A Delaware Online article from 2016 fills in a few of the gaps, as this article outlines the nature and number of some zip-lining deaths throughout the US between 2011 and 2016. However, only five deaths are described, and we know for a fact that more people died zip lining in that period based on the CBS News info.

We’ll go back to the Robson Forensic report, which is probably the most comprehensive resource available on zip lining incidents and deaths. Their report mentions that from 2006 to 2016, there were 16 zip-lining deaths. Up to 77 percent of these fatalities were attributed to falls. The rest were due to entanglements, collisions, and material failures.

Now, 36,000 injuries up to 2012 might sound like a lot, but remember that it’s a 15-year span we’re talking about here. Out of a million people, the injury rate is 11.64, which is low. That rate isn’t quite as low as riding an amusement park attraction, but it’s still low. These injuries were primarily broken bones at 46 percent followed by bruises at 15.2 percent, sprains and strains at 15.1 percent, then closed head injuries and/or concussions at 7 percent.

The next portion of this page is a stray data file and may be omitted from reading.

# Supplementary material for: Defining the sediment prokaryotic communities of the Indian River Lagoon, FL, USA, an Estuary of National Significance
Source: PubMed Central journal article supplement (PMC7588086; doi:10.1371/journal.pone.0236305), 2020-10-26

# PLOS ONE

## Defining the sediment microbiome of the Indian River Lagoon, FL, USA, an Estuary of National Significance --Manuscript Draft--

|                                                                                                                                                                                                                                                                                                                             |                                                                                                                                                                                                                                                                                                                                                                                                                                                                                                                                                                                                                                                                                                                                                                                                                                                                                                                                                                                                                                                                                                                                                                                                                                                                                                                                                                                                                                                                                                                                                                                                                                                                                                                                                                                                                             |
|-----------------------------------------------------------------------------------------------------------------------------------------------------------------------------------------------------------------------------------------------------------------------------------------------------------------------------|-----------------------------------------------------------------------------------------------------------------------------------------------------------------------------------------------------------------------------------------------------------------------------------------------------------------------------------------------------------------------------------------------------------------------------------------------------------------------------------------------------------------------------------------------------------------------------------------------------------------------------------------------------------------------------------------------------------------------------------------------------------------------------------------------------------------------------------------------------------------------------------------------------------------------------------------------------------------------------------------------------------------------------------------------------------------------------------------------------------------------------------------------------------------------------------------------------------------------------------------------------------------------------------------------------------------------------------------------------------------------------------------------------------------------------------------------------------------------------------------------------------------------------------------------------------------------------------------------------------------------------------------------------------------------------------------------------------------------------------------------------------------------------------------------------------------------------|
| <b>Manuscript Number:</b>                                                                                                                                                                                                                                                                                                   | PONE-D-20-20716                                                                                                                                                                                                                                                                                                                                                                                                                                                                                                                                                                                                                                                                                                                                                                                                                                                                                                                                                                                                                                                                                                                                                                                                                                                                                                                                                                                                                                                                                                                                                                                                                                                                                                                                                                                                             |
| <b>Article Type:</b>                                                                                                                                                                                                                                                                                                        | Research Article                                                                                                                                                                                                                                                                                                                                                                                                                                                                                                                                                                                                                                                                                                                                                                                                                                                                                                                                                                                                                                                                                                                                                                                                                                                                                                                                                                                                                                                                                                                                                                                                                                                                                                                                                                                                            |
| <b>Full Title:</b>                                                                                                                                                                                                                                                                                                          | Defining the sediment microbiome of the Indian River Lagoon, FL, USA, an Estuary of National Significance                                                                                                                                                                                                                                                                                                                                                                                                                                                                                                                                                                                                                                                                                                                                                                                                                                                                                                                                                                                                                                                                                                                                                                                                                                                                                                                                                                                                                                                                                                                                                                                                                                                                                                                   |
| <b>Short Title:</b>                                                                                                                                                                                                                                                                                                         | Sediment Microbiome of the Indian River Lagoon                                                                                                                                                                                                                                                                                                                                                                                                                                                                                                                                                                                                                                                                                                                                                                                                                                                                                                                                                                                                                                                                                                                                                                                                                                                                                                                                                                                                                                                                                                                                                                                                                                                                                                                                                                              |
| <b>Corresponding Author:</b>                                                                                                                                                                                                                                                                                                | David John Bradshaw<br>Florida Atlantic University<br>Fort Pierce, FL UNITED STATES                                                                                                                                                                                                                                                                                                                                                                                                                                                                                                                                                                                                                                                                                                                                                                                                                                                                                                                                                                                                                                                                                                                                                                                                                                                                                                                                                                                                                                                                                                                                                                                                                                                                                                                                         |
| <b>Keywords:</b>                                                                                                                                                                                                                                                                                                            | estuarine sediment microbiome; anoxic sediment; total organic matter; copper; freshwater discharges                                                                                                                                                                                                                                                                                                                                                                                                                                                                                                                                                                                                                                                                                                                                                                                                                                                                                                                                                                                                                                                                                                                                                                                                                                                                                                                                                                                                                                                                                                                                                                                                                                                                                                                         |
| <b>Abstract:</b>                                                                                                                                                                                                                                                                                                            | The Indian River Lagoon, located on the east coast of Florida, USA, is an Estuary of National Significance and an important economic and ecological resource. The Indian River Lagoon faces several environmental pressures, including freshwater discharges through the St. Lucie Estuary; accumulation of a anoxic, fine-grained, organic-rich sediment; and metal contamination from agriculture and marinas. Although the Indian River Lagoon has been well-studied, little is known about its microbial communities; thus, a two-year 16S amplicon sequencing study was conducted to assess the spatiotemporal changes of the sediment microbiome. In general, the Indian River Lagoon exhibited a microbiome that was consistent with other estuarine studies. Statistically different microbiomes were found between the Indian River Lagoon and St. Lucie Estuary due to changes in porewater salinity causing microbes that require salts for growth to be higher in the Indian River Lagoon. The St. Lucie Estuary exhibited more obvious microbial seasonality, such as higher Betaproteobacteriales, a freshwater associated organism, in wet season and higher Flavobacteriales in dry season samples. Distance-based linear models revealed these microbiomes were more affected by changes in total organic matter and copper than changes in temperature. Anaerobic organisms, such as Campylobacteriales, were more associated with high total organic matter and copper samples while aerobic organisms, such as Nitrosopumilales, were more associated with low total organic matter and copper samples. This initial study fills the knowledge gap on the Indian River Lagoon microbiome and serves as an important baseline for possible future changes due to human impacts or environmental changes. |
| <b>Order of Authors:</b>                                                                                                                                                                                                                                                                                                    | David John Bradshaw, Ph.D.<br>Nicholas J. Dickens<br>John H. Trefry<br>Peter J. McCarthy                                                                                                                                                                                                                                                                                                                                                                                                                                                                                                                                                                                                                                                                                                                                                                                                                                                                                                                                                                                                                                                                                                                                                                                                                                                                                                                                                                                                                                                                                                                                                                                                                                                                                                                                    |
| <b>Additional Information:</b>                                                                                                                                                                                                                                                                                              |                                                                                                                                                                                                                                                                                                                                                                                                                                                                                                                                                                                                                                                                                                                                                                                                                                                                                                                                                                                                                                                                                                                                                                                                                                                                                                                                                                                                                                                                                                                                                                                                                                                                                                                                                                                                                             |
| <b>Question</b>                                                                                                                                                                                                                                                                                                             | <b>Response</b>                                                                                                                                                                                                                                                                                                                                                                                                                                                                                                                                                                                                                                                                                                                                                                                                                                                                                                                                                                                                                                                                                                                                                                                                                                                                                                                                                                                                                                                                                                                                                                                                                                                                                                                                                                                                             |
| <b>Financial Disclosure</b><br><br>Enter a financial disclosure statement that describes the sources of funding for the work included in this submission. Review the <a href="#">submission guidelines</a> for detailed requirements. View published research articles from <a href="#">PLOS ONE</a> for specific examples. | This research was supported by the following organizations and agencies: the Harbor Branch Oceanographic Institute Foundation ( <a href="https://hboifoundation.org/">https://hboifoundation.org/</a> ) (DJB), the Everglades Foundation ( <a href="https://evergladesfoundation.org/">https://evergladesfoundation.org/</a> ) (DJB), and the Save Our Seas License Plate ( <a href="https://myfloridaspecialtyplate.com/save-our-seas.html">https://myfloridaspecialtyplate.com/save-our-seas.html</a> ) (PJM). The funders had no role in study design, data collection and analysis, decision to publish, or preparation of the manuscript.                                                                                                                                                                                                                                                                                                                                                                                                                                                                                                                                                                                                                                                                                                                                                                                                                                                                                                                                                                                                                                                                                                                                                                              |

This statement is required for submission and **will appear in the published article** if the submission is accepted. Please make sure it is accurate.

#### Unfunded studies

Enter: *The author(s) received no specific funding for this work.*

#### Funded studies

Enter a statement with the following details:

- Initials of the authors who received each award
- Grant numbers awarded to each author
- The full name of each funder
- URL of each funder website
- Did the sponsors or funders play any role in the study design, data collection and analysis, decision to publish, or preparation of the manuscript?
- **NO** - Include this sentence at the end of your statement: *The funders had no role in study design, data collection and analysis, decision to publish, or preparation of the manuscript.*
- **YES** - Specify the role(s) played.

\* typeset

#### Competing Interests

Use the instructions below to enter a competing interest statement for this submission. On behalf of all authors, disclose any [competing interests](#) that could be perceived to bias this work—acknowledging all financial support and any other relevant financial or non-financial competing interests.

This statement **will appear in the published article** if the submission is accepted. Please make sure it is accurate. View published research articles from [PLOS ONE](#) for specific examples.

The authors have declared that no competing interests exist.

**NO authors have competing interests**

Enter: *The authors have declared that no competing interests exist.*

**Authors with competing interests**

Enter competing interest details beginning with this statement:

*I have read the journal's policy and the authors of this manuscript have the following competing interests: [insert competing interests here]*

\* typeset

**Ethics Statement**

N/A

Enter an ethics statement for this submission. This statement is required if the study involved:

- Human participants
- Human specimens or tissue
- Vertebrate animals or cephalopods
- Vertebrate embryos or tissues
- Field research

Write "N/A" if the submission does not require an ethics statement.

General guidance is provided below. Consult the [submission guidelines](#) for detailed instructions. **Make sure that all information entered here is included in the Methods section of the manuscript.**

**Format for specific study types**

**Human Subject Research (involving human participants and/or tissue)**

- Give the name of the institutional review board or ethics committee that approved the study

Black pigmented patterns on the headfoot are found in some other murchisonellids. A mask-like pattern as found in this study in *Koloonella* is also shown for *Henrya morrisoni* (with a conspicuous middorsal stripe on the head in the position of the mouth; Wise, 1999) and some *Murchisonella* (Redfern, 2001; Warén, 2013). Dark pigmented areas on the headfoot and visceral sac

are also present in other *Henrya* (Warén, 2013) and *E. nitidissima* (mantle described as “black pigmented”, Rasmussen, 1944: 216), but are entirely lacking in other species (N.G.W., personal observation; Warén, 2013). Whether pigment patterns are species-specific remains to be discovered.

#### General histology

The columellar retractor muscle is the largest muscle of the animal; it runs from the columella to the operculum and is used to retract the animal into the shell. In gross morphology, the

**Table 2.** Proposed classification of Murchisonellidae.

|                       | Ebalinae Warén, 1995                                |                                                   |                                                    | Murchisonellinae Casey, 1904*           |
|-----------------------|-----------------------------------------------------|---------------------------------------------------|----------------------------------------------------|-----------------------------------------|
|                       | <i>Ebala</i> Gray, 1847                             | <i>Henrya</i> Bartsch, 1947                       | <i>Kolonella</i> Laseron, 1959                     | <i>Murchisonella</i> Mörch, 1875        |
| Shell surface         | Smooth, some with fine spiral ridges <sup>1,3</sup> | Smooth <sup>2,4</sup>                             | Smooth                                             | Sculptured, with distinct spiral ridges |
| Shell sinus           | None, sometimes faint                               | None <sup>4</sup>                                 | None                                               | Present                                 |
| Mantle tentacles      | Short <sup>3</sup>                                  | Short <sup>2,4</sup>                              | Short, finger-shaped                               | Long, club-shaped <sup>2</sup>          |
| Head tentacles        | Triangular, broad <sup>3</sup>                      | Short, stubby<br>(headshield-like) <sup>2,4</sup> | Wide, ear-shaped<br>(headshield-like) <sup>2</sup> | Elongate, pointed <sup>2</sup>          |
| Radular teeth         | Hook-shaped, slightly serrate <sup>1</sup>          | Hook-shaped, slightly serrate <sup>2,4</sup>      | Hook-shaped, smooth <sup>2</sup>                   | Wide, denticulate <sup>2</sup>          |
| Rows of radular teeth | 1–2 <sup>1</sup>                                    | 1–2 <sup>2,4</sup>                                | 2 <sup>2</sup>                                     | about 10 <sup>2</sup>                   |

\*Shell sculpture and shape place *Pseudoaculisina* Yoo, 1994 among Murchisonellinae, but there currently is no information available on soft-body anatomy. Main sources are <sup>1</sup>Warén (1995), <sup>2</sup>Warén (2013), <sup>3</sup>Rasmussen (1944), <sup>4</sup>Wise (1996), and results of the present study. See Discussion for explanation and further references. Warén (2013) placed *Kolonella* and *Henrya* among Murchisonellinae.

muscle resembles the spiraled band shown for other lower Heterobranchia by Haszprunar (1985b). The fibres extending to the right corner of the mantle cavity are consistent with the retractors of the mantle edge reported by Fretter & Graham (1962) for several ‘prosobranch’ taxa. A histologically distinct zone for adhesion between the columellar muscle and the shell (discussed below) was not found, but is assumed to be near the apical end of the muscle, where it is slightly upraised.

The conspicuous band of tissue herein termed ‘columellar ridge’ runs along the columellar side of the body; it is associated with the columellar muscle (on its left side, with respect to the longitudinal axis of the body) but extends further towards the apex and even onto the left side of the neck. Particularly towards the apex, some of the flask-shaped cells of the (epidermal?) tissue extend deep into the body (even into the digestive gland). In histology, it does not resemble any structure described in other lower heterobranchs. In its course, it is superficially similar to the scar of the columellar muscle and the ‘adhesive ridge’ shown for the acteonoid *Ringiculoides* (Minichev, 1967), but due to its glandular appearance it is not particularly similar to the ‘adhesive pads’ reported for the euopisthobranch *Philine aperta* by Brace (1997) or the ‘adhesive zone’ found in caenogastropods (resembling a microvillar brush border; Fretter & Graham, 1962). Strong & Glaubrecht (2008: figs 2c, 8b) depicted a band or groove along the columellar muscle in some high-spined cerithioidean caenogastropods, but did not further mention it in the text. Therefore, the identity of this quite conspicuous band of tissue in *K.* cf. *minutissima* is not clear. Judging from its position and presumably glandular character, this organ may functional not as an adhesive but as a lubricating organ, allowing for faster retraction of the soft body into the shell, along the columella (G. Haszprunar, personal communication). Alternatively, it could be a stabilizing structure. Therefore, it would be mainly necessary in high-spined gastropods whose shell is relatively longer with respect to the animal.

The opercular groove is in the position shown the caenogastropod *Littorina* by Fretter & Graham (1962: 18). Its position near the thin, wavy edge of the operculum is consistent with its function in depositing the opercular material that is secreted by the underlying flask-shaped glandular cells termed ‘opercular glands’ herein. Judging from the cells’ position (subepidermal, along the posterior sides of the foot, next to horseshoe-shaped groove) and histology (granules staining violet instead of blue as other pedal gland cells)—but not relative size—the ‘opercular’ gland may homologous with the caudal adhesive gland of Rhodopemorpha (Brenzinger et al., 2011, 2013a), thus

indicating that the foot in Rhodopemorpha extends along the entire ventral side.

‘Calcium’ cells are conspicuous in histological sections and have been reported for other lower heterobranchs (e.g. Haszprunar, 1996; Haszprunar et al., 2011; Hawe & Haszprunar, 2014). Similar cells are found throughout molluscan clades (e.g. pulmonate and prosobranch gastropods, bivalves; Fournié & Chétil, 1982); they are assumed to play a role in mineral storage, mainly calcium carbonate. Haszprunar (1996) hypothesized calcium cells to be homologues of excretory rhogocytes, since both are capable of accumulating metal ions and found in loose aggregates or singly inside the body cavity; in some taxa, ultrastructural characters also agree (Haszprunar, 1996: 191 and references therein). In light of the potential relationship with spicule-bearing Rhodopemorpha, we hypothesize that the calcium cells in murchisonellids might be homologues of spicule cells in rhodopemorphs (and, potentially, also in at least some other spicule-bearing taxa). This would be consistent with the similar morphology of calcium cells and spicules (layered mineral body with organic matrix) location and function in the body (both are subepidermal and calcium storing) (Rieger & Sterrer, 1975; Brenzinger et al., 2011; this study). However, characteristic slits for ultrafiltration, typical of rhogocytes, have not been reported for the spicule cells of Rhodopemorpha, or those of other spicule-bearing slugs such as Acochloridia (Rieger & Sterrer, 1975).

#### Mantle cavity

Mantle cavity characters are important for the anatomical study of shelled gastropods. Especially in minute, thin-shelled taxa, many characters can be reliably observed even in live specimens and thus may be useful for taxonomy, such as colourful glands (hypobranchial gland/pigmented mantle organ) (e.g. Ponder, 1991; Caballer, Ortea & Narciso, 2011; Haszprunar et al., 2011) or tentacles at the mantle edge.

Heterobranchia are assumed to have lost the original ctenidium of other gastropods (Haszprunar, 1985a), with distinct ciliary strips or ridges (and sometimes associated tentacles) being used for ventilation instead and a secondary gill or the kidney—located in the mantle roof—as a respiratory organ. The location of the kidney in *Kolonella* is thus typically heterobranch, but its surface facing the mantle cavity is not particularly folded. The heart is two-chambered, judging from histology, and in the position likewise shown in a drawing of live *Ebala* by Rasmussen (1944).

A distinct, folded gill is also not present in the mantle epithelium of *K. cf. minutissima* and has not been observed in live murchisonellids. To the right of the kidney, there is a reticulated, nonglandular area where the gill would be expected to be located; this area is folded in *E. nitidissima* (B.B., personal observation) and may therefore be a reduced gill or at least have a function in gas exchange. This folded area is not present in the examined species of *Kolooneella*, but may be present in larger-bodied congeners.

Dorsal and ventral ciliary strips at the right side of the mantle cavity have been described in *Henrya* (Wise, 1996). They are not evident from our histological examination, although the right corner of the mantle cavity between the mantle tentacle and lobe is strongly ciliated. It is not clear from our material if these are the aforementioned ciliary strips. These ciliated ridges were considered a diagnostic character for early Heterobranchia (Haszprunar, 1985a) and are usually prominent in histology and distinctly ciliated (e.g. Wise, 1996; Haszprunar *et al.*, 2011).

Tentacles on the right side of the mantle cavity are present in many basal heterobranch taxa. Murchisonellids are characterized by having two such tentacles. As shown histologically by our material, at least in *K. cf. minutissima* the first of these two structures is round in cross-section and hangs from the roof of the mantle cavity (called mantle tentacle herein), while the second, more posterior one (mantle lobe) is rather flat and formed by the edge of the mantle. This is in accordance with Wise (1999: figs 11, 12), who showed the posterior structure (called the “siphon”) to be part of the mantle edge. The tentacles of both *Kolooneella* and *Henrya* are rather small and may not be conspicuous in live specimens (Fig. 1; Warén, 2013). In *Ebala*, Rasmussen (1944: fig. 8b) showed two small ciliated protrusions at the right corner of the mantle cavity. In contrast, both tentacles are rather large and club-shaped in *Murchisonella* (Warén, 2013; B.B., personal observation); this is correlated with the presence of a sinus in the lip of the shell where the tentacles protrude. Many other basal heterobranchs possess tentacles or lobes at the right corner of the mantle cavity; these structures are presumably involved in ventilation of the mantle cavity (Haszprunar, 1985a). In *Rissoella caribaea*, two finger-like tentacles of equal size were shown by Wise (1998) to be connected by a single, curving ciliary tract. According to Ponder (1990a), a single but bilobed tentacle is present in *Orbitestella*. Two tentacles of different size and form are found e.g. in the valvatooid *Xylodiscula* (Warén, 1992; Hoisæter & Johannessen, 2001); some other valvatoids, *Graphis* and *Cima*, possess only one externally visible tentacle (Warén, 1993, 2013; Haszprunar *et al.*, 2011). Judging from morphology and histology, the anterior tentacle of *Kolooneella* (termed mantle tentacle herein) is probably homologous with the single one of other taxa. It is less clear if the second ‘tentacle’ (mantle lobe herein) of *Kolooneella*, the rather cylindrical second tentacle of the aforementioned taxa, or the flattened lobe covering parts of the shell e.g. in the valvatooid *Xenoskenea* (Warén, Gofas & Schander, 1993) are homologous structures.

Not all zip lining injuries necessarily require a trip to the hospital. Robson Forensic quotes data from Ohio State University that found that only 12 percent of those injured on a zip line needed to be admitted to a hospital. 

So, Is Zip Lining Dangerous?

What does all this information tell us when you put it together? Ziplining is not without its injuries and even fatalities. Since it’s an airborne sport where you’re at least 30 feet in the air, that’s to be expected to a degree. 

The above stats do not cover amateur zip-lining courses, of which their safety is completely negligible. Even among commercial zip lining companies, their safety depends on the company. We outlined earlier the various inspection criteria that some states utilize, which should put your mind at ease.